Indiana Gov. Eric Holcomb is calling on the General Assembly to pass a hate crimes bill after someone spray-painted anti-Semitic graffiti at a suburban Indianapolis synagogue.
Holcomb, a Republican, said Monday that he'll meet with lawmakers, legal experts, corporate leaders and "citizens of all stripes who are seeking to find consensus on this issue so that, once and for all, we can move forward as a state." He said he hopes a hate crime bill passes in 2019.
Nazi flags and iron crosses were spray-painted early Saturday on two walls of a brick shed at Congregation Shaarey Tefilla in Carmel.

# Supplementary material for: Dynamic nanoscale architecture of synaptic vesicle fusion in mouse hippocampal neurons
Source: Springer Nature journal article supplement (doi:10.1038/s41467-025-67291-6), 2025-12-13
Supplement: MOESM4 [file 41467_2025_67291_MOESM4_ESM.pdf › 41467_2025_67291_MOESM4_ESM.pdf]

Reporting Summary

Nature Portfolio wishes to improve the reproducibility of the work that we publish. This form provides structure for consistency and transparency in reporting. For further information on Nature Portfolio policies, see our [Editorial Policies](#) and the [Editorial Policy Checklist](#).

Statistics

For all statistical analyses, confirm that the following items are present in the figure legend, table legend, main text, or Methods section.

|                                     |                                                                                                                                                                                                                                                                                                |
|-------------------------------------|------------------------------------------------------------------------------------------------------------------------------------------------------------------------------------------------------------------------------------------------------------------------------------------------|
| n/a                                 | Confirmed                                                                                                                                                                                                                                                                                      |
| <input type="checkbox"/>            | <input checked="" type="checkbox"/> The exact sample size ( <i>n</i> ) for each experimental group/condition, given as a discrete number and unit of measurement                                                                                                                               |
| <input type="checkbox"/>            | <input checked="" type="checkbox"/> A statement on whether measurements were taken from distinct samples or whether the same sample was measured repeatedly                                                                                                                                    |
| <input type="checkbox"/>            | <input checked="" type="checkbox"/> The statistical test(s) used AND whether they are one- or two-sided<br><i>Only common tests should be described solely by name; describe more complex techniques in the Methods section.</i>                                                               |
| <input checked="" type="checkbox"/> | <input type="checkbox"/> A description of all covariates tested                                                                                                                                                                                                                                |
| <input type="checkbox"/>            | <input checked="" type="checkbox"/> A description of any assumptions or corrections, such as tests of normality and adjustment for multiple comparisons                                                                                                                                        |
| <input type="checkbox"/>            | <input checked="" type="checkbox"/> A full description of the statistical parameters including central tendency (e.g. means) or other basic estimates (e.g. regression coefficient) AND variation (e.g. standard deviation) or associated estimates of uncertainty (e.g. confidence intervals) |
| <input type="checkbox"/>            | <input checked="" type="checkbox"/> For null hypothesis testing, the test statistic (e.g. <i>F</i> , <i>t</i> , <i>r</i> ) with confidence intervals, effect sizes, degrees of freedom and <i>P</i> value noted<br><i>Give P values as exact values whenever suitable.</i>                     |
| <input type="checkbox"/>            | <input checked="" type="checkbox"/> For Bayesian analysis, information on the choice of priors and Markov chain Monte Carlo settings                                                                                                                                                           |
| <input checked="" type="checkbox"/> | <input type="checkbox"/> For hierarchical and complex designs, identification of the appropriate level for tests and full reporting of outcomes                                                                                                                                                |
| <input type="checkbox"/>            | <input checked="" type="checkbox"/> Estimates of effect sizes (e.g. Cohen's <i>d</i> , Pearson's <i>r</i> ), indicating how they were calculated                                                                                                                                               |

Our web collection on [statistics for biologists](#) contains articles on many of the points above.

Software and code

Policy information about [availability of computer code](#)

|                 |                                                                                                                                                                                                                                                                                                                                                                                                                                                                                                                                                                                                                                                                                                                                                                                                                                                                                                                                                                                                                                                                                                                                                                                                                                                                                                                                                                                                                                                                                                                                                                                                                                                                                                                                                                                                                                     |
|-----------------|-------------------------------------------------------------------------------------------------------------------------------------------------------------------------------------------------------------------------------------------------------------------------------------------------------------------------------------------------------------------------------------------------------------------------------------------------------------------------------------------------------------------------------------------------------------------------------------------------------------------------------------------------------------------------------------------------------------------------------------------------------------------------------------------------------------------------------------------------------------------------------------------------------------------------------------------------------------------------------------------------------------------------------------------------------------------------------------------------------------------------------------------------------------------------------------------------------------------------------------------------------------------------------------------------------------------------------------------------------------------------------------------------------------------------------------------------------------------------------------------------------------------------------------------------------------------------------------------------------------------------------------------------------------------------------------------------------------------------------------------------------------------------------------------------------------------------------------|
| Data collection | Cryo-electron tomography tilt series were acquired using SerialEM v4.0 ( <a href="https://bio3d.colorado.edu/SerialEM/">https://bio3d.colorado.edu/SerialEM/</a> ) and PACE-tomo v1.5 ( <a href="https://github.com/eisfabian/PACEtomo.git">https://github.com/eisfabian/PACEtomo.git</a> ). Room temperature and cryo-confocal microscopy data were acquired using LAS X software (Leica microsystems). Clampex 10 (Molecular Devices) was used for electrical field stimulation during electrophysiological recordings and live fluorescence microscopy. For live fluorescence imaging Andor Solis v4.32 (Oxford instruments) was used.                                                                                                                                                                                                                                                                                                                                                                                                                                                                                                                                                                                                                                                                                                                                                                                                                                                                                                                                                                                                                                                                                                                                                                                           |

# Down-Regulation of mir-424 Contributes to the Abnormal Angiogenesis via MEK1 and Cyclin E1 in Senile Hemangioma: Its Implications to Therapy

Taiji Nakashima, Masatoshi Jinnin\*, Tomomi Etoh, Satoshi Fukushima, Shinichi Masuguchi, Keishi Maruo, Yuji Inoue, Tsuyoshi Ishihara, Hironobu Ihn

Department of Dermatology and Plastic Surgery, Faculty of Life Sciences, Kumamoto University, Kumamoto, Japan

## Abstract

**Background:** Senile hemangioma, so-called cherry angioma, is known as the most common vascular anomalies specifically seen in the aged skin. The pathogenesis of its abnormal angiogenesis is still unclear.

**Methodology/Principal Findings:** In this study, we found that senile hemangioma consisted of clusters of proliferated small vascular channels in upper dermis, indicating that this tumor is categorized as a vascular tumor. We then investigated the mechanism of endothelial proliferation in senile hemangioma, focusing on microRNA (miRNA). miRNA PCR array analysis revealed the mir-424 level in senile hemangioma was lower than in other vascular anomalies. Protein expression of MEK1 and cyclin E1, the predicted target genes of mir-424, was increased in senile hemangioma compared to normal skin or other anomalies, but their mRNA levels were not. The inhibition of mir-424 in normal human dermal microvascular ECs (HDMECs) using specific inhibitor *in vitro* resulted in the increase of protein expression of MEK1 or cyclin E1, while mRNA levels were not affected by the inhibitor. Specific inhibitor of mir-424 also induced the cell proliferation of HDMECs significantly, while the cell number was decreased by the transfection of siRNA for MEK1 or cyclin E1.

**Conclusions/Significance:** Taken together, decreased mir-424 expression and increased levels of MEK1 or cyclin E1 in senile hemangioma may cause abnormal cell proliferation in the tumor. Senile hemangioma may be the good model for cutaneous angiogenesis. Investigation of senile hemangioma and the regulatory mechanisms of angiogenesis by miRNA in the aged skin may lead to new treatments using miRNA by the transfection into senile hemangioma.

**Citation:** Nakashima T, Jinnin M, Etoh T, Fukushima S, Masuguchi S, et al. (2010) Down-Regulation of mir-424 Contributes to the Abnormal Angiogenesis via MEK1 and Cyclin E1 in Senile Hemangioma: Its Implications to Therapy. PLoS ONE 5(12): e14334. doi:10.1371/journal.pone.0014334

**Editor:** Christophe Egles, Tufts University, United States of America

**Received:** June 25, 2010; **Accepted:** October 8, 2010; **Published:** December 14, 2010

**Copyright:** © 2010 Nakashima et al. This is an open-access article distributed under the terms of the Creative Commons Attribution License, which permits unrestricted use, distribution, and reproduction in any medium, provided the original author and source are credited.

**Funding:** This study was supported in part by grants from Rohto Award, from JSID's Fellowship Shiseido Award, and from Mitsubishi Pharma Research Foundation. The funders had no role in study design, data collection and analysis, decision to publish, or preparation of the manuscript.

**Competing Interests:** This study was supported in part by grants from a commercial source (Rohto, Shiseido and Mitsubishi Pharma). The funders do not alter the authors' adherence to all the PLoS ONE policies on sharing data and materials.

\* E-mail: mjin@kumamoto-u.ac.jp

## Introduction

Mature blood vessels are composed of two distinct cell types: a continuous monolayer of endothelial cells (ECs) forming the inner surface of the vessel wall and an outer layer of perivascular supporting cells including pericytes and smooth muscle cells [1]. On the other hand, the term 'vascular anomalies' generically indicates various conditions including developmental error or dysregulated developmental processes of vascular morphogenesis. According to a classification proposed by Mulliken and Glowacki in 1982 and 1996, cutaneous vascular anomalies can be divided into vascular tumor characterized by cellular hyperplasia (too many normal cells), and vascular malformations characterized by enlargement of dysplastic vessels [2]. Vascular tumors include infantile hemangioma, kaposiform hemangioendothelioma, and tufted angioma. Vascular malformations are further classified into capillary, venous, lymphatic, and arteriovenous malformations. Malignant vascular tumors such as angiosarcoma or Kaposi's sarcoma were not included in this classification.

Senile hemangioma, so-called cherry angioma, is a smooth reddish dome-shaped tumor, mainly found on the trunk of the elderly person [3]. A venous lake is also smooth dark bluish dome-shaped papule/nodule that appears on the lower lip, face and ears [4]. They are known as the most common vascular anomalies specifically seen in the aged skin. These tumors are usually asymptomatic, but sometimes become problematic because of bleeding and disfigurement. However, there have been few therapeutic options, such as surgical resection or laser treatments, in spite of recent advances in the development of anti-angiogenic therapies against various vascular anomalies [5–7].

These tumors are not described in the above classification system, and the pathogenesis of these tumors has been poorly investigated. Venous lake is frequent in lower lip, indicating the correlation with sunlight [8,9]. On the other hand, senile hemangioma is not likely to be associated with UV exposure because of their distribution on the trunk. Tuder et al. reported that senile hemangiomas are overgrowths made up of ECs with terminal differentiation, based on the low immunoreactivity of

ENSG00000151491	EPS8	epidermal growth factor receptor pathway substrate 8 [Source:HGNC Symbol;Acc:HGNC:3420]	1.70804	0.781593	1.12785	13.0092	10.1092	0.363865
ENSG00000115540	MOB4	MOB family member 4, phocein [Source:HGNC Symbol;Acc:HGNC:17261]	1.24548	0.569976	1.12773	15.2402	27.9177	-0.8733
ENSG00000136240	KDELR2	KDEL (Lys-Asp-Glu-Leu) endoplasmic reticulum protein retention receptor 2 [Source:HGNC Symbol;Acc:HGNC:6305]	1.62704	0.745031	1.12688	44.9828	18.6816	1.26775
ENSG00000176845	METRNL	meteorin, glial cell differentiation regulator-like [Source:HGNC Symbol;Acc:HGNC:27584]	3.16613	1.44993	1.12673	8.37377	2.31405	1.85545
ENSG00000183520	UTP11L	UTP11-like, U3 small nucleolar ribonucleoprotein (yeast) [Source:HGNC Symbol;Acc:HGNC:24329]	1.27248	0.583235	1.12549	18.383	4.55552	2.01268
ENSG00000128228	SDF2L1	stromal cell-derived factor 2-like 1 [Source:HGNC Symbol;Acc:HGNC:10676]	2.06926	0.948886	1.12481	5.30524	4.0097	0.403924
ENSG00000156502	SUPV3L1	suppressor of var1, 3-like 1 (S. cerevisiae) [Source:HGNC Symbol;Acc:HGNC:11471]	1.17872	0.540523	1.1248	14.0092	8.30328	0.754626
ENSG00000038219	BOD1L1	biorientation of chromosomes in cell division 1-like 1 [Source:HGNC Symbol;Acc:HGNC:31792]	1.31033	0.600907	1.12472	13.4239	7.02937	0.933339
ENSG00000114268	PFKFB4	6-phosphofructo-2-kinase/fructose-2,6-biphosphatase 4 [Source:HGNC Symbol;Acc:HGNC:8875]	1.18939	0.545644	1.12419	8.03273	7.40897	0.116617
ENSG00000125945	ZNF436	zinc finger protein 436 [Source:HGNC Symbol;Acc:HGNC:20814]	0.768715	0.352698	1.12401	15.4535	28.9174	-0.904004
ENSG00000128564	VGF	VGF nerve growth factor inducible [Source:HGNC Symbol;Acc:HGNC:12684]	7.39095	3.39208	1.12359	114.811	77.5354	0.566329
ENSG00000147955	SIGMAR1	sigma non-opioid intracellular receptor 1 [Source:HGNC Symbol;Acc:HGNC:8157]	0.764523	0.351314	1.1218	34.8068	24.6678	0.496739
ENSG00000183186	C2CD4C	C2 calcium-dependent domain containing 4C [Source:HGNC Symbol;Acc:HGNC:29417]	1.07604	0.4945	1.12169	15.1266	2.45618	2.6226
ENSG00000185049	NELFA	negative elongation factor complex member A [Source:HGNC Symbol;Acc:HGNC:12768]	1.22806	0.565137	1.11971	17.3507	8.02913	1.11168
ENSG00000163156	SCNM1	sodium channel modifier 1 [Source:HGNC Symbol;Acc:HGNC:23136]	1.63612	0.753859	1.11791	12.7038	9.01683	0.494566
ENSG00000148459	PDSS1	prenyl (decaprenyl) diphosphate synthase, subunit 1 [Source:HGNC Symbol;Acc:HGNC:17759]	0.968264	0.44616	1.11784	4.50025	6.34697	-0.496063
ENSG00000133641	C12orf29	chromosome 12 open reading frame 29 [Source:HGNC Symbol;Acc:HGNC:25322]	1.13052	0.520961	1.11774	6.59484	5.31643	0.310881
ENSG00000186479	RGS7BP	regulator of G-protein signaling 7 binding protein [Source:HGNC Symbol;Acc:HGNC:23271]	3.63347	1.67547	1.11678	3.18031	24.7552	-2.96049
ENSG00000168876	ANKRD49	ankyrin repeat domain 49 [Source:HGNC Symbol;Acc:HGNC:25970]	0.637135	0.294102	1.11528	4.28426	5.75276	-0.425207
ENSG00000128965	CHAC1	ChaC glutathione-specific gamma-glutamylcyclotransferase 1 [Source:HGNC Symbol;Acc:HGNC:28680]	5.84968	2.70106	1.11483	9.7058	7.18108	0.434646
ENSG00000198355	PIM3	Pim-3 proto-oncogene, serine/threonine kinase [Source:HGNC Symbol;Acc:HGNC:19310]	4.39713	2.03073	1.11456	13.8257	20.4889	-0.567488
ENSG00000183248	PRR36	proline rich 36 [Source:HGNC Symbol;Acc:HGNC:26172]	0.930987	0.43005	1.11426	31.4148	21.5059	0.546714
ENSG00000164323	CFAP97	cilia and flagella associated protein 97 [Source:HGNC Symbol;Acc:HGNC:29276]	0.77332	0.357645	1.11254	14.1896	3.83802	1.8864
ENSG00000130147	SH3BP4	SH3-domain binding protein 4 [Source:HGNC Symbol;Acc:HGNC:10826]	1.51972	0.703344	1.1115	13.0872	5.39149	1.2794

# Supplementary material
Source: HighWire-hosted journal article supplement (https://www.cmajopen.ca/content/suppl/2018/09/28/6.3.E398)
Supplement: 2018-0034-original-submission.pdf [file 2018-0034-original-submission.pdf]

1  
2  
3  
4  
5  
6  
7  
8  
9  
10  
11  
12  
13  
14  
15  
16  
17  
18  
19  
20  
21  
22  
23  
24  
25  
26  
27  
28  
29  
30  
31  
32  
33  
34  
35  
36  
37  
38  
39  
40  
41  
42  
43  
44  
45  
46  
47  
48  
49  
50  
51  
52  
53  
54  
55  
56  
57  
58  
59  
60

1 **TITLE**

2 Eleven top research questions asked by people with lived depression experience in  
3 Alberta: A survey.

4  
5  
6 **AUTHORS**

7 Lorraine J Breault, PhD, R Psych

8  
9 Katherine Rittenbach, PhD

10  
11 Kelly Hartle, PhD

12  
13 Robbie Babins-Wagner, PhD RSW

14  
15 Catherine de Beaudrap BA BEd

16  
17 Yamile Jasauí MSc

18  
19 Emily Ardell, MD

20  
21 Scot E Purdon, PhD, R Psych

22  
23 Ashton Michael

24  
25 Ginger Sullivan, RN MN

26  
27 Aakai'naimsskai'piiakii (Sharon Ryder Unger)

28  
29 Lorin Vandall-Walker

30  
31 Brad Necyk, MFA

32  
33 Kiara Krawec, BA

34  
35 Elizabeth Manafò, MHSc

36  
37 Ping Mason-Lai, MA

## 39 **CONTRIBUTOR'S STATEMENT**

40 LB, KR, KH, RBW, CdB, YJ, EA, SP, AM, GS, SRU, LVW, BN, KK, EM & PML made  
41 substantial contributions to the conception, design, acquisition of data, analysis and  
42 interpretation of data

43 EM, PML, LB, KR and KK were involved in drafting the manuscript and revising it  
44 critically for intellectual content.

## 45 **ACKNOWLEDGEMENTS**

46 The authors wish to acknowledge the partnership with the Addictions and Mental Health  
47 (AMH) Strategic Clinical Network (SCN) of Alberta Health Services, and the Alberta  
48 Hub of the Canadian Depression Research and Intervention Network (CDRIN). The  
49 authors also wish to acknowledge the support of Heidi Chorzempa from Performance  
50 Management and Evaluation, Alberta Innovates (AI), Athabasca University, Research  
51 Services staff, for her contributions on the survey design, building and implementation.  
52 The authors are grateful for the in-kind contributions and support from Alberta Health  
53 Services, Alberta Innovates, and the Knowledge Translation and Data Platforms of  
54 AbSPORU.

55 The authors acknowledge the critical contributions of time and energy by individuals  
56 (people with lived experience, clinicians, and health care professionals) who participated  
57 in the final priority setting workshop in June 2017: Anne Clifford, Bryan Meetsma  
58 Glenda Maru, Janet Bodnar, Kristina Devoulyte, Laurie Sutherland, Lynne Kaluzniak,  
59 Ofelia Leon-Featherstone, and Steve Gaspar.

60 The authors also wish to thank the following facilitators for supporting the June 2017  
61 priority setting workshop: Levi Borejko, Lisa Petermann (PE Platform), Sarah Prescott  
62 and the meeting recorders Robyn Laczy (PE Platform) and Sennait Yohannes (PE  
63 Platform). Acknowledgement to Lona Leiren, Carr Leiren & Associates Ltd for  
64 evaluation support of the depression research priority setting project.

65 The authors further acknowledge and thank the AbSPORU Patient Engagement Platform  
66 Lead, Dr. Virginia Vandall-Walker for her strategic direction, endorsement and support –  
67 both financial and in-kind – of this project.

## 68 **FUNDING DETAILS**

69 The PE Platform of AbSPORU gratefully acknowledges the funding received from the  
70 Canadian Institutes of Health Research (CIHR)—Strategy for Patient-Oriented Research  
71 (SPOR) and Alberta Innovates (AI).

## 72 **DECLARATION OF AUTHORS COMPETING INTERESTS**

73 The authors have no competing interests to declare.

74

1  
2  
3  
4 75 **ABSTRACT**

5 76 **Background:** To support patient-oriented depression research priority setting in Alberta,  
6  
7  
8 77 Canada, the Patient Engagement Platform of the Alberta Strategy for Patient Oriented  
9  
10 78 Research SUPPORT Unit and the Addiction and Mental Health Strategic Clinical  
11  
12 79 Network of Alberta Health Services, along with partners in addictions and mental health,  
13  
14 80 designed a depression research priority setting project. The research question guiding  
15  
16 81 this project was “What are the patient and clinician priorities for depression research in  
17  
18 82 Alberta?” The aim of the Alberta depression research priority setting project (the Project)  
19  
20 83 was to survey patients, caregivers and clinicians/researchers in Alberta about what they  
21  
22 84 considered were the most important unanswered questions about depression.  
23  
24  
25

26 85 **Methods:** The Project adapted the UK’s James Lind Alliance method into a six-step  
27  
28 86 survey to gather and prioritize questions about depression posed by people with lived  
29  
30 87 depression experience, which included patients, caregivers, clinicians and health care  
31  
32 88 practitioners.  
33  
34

Indiana is just one of five states without a hate crimes law. Republican Senate leaders this year sidelined a bill that targeted crimes motivated by bias.
Holcomb said he was open to a hate-crimes bill during the last legislative session but was criticized by Democrats for not publicly advocating for one.
Opponents argue that a hate crimes law would create a special protected class of victims. They point to a provision in existing state law that allows a judge to consider any special circumstance during sentencing. That, combined with existing court precedent, means a judge could indeed consider crimes motivated by hatred during sentencing, they argue.